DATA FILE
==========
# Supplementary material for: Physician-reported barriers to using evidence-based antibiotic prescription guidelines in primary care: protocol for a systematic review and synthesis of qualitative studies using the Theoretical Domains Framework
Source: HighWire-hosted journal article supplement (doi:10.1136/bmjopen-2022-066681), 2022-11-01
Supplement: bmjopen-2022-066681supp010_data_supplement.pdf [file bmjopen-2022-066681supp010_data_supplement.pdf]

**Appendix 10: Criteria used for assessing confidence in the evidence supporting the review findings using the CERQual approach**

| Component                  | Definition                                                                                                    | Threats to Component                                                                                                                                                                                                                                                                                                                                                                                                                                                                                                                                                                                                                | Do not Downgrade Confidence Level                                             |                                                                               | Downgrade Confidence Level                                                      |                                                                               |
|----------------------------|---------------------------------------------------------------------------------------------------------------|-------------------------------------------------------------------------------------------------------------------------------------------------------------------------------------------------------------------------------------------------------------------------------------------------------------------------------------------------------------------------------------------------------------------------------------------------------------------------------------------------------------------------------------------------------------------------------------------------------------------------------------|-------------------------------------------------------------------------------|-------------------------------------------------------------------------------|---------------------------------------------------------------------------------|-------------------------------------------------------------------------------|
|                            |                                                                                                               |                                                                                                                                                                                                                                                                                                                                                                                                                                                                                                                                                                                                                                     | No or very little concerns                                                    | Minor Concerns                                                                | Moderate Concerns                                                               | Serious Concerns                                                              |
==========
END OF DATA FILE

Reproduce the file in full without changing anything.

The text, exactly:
# Supplementary material for: Physician-reported barriers to using evidence-based antibiotic prescription guidelines in primary care: protocol for a systematic review and synthesis of qualitative studies using the Theoretical Domains Framework
Source: HighWire-hosted journal article supplement (doi:10.1136/bmjopen-2022-066681), 2022-11-01
Supplement: bmjopen-2022-066681supp010_data_supplement.pdf [file bmjopen-2022-066681supp010_data_supplement.pdf]

**Appendix 10: Criteria used for assessing confidence in the evidence supporting the review findings using the CERQual approach**

| Component                  | Definition                                                                                                    | Threats to Component                                                                                                                                                                                                                                                                                                                                                                                                                                                                                                                                                                                                                | Do not Downgrade Confidence Level                                             |                                                                               | Downgrade Confidence Level                                                      |                                                                               |
|----------------------------|---------------------------------------------------------------------------------------------------------------|-------------------------------------------------------------------------------------------------------------------------------------------------------------------------------------------------------------------------------------------------------------------------------------------------------------------------------------------------------------------------------------------------------------------------------------------------------------------------------------------------------------------------------------------------------------------------------------------------------------------------------------|-------------------------------------------------------------------------------|-------------------------------------------------------------------------------|---------------------------------------------------------------------------------|-------------------------------------------------------------------------------|
|                            |                                                                                                               |                                                                                                                                                                                                                                                                                                                                                                                                                                                                                                                                                                                                                                     | No or very little concerns                                                    | Minor Concerns                                                                | Moderate Concerns                                                               | Serious Concerns                                                              |